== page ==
Kate G McAlpine

Kate G McAlpine
New Zealand Department of Conservation

PhD

About

29
Publications
5,025
Reads
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295
Citations
Introduction
I am a weed ecologist at the New Zealand Department of Conservation. My current research focus is on the ecology and impact of woody weed invasions. See some of my work stories on Instagram: @katemcweedatwork.
Additional affiliations
August 2001 - present
New Zealand Department of Conservation
Position
  • Weed Ecologist

Publications

Publications (29)
Article
Full-text available
Fruit-eating animals play a key role in spreading non-native environmental weeds, via seed ingestion and subsequent dispersal. We reviewed available information on dispersal of fleshy-fruited environmental weeds in New Zealand. We found almost a third (32.9%) of 295 environmental weed species in New Zealand have fleshy fruits adapted for internal d...
Article
Full-text available
Pinus contorta is a widespread and ecologically damaging invasive tree in the southern hemisphere. Land managers want control methods that limit reinvasion by P. contorta and promote the recovery of native plant communities and ecosystem functions. Recovery of native vegetation may be slow if native seed supply is limited and/or introduced mammals...
Article
Full-text available
Globally, lowland forests have been depleted, fragmented, and degraded by land clearance and conversion by humans. Many remnants are also invaded by non-native plants and mammals, which can exacerbate biodiversity loss and impede ecosystem recovery. We examined the effects of non-native ground cover weeds and mammals on the seedling recruitment of...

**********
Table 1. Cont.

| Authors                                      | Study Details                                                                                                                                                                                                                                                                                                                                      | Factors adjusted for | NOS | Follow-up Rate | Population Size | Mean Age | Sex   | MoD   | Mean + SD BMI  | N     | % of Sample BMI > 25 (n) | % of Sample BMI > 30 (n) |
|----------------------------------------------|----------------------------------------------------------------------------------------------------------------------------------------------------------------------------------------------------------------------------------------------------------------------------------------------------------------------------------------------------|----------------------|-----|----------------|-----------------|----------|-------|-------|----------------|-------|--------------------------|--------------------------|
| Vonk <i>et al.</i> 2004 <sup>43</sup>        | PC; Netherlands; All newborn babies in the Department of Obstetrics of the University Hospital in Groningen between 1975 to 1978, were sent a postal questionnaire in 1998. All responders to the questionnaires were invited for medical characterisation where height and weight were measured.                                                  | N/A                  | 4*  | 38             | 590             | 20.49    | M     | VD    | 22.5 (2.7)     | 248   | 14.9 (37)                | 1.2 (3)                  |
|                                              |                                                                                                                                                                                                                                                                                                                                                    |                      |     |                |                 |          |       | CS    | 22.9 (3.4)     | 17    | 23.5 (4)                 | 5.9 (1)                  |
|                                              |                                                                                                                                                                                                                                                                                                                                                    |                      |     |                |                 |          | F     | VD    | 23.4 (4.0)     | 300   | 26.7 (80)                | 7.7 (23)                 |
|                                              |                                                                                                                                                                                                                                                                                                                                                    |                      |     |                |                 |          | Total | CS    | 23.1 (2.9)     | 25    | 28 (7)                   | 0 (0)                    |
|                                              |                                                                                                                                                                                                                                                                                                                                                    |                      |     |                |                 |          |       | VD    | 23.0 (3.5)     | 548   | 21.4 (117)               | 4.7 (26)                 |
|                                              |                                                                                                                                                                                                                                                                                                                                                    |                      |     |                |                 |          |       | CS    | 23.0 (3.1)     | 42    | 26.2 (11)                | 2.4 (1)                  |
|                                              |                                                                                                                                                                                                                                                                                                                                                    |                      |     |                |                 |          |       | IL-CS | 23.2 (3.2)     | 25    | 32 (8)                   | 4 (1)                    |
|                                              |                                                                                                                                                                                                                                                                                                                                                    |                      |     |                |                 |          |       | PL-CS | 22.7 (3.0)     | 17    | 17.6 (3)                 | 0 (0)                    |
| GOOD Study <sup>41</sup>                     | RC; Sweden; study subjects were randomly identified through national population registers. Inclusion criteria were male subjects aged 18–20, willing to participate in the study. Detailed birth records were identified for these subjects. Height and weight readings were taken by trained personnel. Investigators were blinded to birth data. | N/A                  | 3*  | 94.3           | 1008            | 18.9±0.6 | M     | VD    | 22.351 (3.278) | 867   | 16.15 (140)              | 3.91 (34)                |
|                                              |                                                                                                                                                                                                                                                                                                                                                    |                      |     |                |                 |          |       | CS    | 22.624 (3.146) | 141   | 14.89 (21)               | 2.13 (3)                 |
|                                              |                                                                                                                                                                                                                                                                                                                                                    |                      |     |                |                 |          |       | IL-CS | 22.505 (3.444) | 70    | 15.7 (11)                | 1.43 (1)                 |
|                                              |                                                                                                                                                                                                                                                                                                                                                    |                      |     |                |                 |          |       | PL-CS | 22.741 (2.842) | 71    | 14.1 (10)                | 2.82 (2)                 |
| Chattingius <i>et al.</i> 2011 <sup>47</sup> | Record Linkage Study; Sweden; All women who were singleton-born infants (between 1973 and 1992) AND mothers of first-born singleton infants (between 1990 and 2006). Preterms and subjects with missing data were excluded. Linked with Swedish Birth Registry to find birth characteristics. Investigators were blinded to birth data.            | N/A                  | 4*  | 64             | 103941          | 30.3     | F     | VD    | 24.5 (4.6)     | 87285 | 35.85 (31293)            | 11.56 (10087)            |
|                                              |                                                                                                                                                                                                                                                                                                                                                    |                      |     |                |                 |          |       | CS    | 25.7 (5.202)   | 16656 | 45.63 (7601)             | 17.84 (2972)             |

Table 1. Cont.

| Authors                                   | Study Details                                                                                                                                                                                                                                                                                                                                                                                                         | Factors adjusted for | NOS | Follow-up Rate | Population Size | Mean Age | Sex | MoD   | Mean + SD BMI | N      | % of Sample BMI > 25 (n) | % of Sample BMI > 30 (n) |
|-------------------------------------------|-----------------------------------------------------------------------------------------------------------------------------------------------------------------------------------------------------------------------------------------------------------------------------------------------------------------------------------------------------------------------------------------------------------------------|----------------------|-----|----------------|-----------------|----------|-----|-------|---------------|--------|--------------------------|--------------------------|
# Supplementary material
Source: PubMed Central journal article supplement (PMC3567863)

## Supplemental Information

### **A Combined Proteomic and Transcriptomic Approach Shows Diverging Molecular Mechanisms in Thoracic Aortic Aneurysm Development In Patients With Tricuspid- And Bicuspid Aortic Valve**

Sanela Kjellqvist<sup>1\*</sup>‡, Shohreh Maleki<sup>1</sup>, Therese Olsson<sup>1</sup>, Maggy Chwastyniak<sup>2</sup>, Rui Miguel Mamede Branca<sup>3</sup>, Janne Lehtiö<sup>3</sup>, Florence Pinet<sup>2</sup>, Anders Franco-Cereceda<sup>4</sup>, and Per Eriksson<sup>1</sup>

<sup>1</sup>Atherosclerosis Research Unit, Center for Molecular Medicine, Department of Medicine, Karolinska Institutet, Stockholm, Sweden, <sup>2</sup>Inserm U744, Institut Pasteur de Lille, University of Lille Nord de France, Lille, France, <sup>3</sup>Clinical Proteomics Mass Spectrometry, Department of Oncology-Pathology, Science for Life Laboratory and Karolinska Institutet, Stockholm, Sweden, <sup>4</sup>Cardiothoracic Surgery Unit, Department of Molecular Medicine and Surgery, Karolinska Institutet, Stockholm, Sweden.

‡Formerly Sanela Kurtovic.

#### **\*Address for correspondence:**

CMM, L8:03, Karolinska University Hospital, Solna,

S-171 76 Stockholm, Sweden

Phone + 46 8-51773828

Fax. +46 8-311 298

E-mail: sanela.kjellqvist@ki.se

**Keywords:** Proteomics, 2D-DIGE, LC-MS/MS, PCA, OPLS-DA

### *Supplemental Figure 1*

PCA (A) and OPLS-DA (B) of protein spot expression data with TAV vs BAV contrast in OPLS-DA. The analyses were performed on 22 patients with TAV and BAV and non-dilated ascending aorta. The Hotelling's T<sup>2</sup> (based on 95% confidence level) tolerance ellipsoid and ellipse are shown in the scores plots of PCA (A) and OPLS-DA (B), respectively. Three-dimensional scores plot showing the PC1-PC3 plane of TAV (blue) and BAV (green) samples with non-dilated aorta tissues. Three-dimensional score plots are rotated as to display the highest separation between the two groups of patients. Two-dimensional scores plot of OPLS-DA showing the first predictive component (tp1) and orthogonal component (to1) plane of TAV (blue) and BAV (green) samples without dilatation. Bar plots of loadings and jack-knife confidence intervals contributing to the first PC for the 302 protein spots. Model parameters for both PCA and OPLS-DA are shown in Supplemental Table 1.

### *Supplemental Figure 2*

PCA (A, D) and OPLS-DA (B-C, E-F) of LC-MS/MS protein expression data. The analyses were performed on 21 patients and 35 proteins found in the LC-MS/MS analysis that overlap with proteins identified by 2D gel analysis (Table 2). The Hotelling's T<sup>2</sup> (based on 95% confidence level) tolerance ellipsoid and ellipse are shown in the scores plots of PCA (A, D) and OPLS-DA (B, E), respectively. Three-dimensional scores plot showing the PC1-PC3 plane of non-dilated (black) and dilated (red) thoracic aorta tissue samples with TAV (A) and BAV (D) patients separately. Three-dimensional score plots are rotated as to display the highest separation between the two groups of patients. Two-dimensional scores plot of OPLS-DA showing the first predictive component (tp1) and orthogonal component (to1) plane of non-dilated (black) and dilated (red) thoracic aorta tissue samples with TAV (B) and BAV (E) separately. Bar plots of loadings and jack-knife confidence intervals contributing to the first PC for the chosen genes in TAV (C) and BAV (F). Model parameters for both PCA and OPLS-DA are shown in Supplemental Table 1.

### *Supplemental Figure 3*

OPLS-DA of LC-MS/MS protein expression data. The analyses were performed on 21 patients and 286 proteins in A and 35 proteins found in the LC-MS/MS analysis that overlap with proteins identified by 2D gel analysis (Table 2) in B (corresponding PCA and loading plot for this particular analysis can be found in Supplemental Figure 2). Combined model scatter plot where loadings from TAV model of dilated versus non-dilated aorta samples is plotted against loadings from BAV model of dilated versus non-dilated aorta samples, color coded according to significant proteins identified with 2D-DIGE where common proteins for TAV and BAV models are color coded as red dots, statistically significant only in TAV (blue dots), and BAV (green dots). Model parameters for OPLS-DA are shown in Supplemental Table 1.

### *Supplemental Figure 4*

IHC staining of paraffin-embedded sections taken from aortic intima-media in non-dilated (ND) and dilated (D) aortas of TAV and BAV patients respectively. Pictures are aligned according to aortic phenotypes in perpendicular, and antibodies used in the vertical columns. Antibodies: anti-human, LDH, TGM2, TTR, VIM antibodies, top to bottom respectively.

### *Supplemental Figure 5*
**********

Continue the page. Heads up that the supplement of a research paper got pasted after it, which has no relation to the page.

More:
Article
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The use of herbicide to control weeds in natural areas can cause non-target damage to resident native plant communities and compromise native restoration goals. We tested 'full' and 'reduced' (half) rates of herbicide (rates based on previous glasshouse trials) on the ground cover weed species tradescantia (Tradescantia fluminensis), plectranthus (...
Article
Full-text available
Invasive exotic tree and shrub species (woody weeds) form dense, monospecific stands in many areas of New Zealand. At some sites, the weed dies out naturally and is replaced by native species as succession proceeds, but at others the weed persists indefinitely. The ability to distinguish between these different trajectories is critical to effective...
Article
Full-text available
The species composition of the understory can be a key indicator of successional trajectories in the absence of disturbance at forested sites. We surveyed species composition and percent cover in the understory of 132 closed-canopy stands of 41 woody weed species throughout New Zealand as a first step in understanding potential successional traject...
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Full-text available
Grey willow (Salix cinerea) is widely established in New Zealand’s remaining swamps and fens, and in many areas has replaced endemic kahikatea (Dacrycarpus dacrydioides) forest. Conservation managers need to know how to restore willow-invaded wetlands to a resilient natural state, but knowledge on how to achieve this goal is limited. We planted kah...
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Full-text available
Pinus contorta (lodgepole pine) is invasive in many southern hemisphere countries, having spread extensively from original plantings. It is widely controlled to limit its spread and negative impacts, and is generally assumed to have little value for native plant biodiversity. We surveyed vegetation in two stands of montane wilding P. contorta fores...
Article
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Ecological impacts of three weed species of similar life form, Asparagus scandens, Plectranthus ciliatus and Tradescantia fluminensis, were investigated in six lowland forest remnants in New Zealand. All three species form dense, ground-covering mats of vegetation, and are tolerant of a broad range of light environments. Relationships between canop...